Bedtime reading list on digital court reform and court closures
Many of you are preparing to respond to the Justice Committee’s inquiry on courts and tribunals which has a deadline of March 11th. Transform Justice will be submitting evidence but in the meantime I thought a reading list might be helpful.
This list is mainly oriented towards criminal courts, simply because we’ve focused more on these. But it does cover some topics in other jurisdictions. It is not comprehensive and I’d welcome additions to it. Email email@example.com a link to any document you think should be added.
Many of the ideas behind the digital court reform programme were originally floated in reviews commissioned from Senior Judges
- Sir Brian Leveson was asked to review efficiency in criminal proceedings
- Lord Briggs was asked to review civil courts
- The Boston Consultants’ Group was asked to review the whole project. Their report was not published but was revealed via an FOI request
- The senior judiciary and the then Lord Chancellor published an overview of the court reform programme
- A white paper was published on some elements of the reform programme and a consultation response published
- A prisons and courts bill was published early 2017 but abandoned in April that year. The bill documents are here
- The government consulted on the strategy for court closures in 2018 but has not yet published the response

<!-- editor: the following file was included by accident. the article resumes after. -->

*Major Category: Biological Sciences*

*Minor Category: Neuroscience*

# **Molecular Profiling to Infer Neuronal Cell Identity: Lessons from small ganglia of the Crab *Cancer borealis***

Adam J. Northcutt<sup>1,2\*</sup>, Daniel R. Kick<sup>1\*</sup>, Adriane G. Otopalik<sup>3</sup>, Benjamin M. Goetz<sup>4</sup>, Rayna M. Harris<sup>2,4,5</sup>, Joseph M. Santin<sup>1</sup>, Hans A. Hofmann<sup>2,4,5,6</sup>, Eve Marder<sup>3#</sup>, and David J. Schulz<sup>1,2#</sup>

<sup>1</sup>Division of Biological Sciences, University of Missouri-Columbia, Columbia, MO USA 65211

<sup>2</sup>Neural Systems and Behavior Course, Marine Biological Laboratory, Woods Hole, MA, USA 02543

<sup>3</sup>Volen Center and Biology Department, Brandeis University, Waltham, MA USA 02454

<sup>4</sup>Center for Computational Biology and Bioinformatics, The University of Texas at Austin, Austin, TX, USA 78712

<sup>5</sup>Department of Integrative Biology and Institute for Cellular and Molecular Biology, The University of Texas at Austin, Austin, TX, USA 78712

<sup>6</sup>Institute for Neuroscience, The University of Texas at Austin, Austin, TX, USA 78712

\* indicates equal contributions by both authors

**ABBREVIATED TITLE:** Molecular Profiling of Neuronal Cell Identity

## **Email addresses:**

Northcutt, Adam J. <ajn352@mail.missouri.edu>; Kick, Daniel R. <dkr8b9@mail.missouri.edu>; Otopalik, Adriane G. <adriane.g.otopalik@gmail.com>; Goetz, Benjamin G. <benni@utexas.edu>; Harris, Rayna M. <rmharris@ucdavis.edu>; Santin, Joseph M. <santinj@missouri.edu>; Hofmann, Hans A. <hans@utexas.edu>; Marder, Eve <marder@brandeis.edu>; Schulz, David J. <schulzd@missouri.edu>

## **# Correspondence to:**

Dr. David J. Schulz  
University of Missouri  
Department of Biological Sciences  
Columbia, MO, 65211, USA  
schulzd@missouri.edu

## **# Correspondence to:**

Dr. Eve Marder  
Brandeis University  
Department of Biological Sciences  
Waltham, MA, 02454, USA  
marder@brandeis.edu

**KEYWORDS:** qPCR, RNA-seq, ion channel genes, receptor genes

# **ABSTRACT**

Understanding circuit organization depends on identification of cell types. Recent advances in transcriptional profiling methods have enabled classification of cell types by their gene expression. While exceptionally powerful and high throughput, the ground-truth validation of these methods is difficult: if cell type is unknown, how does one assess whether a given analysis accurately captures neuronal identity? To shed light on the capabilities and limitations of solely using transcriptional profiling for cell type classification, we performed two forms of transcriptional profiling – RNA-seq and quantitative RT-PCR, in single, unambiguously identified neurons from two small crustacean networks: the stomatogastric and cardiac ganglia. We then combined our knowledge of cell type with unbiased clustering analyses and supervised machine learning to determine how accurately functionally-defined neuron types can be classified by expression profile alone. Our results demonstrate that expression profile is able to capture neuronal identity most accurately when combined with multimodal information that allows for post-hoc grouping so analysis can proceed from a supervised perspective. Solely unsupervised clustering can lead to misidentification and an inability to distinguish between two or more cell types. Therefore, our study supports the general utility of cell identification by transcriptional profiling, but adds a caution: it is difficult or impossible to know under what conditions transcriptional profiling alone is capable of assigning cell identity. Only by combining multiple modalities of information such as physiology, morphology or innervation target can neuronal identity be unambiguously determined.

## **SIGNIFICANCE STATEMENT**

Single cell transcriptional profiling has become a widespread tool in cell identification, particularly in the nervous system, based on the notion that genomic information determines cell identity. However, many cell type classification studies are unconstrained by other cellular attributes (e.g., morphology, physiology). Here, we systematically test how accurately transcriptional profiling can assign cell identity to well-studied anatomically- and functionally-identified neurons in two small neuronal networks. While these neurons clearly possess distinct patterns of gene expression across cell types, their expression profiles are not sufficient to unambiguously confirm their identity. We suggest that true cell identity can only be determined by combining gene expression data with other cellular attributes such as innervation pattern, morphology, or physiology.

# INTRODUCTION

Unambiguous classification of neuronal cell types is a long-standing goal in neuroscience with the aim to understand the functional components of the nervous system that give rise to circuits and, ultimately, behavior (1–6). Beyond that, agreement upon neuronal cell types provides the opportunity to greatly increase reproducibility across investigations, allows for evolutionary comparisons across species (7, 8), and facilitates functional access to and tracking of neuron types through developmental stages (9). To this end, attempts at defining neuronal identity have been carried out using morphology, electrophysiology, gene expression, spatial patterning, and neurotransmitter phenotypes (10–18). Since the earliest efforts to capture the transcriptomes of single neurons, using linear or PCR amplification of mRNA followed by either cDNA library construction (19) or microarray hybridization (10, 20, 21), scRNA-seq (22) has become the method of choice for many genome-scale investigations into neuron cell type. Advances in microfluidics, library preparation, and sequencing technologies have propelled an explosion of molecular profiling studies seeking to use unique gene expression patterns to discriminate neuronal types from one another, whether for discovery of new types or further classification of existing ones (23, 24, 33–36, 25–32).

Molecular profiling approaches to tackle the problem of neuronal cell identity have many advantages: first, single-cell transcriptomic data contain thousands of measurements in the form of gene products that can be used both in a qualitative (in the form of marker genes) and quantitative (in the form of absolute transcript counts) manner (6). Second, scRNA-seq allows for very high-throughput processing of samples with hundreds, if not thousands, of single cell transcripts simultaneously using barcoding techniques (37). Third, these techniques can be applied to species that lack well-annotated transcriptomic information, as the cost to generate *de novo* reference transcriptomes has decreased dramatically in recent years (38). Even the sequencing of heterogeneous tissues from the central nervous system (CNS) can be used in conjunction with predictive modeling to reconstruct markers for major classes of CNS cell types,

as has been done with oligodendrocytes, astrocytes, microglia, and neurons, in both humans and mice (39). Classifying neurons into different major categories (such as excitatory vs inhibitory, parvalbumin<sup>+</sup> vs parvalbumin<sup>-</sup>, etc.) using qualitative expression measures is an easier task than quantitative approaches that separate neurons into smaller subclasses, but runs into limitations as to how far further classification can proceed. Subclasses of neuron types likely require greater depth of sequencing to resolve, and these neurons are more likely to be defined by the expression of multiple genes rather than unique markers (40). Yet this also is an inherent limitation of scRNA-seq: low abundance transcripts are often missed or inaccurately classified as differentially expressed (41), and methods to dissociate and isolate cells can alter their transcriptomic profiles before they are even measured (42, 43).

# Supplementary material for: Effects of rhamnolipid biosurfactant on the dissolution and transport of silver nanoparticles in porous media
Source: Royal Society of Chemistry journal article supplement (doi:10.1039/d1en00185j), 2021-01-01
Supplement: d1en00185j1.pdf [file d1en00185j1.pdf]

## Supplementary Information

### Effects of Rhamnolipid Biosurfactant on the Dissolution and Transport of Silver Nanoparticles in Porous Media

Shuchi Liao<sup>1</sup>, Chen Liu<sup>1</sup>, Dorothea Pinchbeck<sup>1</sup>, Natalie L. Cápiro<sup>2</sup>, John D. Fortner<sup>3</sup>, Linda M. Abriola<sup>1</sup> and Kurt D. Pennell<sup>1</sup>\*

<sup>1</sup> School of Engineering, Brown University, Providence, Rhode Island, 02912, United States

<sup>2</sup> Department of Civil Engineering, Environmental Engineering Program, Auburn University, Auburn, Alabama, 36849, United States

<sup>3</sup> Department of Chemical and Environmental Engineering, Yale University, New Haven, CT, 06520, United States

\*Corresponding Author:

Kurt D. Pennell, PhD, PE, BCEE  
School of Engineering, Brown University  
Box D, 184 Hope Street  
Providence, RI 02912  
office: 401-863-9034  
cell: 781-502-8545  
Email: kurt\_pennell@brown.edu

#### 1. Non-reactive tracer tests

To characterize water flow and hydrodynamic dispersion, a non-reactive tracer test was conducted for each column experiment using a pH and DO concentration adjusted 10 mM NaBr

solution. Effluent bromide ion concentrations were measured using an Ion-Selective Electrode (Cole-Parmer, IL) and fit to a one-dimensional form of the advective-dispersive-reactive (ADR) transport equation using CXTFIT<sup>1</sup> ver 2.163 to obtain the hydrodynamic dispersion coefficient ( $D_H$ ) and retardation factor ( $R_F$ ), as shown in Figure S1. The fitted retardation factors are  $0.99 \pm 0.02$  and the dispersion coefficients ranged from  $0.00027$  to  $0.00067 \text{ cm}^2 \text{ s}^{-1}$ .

- HMCTS has published a regular blog on developments in the reform programme and the most up to date summary is here
Most of these were published in preparation for, or in response to, the Judicial Ways of Working (JWOW) consultation by the judiciary of judges. Here are the consultation documents Crime ; Civil ; Family; Tribunals
Very few of the actual responses have got into the public domain. Here is a report of the Kent Magistrates’ Association response and Emily Dugan was given the response of the Association of (County Court) District Judges. And this is the response of the national Magistrates’ Association
The Ministry of Justice commissioned a pilot of virtual courts and published an evaluation in 2010 – the only one to measure outcomes.
HMCTS commissioned a process evaluation of the pilot of a video tax tribunal in 2018 This is excellent research but did not look at outcomes and is small scale eg only two plaintiffs who had done their hearing on video were interviewed.
The government also did an evaluation of flexible courts (sitting outside the normal hours) which incorporated video links.
HMCTS has been doing user research on all aspects of the digital court reform programme. No findings have been published save this report on virtual remand hearings which was FOIed by Transform Justice.
The finances of the digital court reform programme are pretty mysterious, in terms of the actual budget. The best overview of the finances is the NAO report and the Public Accounts Committee report of their inquiry. Great summary from the Transparency Project of the evidence submitted to the committee here.
Since then one of the programmes (to digitise compliance with court fines) has been abandoned and the Common Platform programme (which was already suffering problems) has lost a key element – the engagement with CPS systems
Transform Justice work
Transform Justice has blogged extensively on different aspects of the digital court reform programme and on court closures
Other and International Research